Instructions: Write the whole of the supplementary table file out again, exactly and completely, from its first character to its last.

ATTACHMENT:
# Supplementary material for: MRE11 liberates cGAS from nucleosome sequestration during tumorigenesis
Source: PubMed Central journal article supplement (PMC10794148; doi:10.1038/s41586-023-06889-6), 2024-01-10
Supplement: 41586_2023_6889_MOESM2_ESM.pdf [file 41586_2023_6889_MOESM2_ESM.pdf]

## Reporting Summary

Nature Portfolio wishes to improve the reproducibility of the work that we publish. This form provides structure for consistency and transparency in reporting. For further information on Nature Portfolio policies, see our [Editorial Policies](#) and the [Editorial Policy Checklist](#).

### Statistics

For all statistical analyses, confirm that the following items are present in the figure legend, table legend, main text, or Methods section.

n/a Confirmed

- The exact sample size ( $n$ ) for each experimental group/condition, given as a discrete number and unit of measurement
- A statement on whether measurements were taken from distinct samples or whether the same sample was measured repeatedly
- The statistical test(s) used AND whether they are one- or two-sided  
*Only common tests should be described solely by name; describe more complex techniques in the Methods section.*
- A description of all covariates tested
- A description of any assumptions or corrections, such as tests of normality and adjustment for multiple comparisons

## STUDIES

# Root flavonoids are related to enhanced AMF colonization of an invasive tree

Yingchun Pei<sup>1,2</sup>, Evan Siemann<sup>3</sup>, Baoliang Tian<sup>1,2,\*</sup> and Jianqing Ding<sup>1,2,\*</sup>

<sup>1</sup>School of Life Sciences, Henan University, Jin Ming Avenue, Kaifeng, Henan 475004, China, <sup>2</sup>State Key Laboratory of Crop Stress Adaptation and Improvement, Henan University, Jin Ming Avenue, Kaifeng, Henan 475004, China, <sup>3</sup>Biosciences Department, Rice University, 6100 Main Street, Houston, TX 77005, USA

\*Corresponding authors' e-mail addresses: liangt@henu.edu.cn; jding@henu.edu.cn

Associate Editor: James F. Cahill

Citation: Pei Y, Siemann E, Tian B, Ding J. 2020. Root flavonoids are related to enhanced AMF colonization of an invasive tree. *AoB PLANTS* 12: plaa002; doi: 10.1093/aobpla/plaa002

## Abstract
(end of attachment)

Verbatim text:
# Supplementary material for: MRE11 liberates cGAS from nucleosome sequestration during tumorigenesis
Source: PubMed Central journal article supplement (PMC10794148; doi:10.1038/s41586-023-06889-6), 2024-01-10
Supplement: 41586_2023_6889_MOESM2_ESM.pdf [file 41586_2023_6889_MOESM2_ESM.pdf]

## Reporting Summary

Nature Portfolio wishes to improve the reproducibility of the work that we publish. This form provides structure for consistency and transparency in reporting. For further information on Nature Portfolio policies, see our [Editorial Policies](#) and the [Editorial Policy Checklist](#).

### Statistics

For all statistical analyses, confirm that the following items are present in the figure legend, table legend, main text, or Methods section.

n/a Confirmed

- The exact sample size ( $n$ ) for each experimental group/condition, given as a discrete number and unit of measurement
- A statement on whether measurements were taken from distinct samples or whether the same sample was measured repeatedly
- The statistical test(s) used AND whether they are one- or two-sided  
*Only common tests should be described solely by name; describe more complex techniques in the Methods section.*
- A description of all covariates tested
- A description of any assumptions or corrections, such as tests of normality and adjustment for multiple comparisons

## STUDIES

# Root flavonoids are related to enhanced AMF colonization of an invasive tree

Yingchun Pei<sup>1,2</sup>, Evan Siemann<sup>3</sup>, Baoliang Tian<sup>1,2,\*</sup> and Jianqing Ding<sup>1,2,\*</sup>

<sup>1</sup>School of Life Sciences, Henan University, Jin Ming Avenue, Kaifeng, Henan 475004, China, <sup>2</sup>State Key Laboratory of Crop Stress Adaptation and Improvement, Henan University, Jin Ming Avenue, Kaifeng, Henan 475004, China, <sup>3</sup>Biosciences Department, Rice University, 6100 Main Street, Houston, TX 77005, USA

\*Corresponding authors' e-mail addresses: liangt@henu.edu.cn; jding@henu.edu.cn

Associate Editor: James F. Cahill

Citation: Pei Y, Siemann E, Tian B, Ding J. 2020. Root flavonoids are related to enhanced AMF colonization of an invasive tree. *AoB PLANTS* 12: plaa002; doi: 10.1093/aobpla/plaa002

## Abstract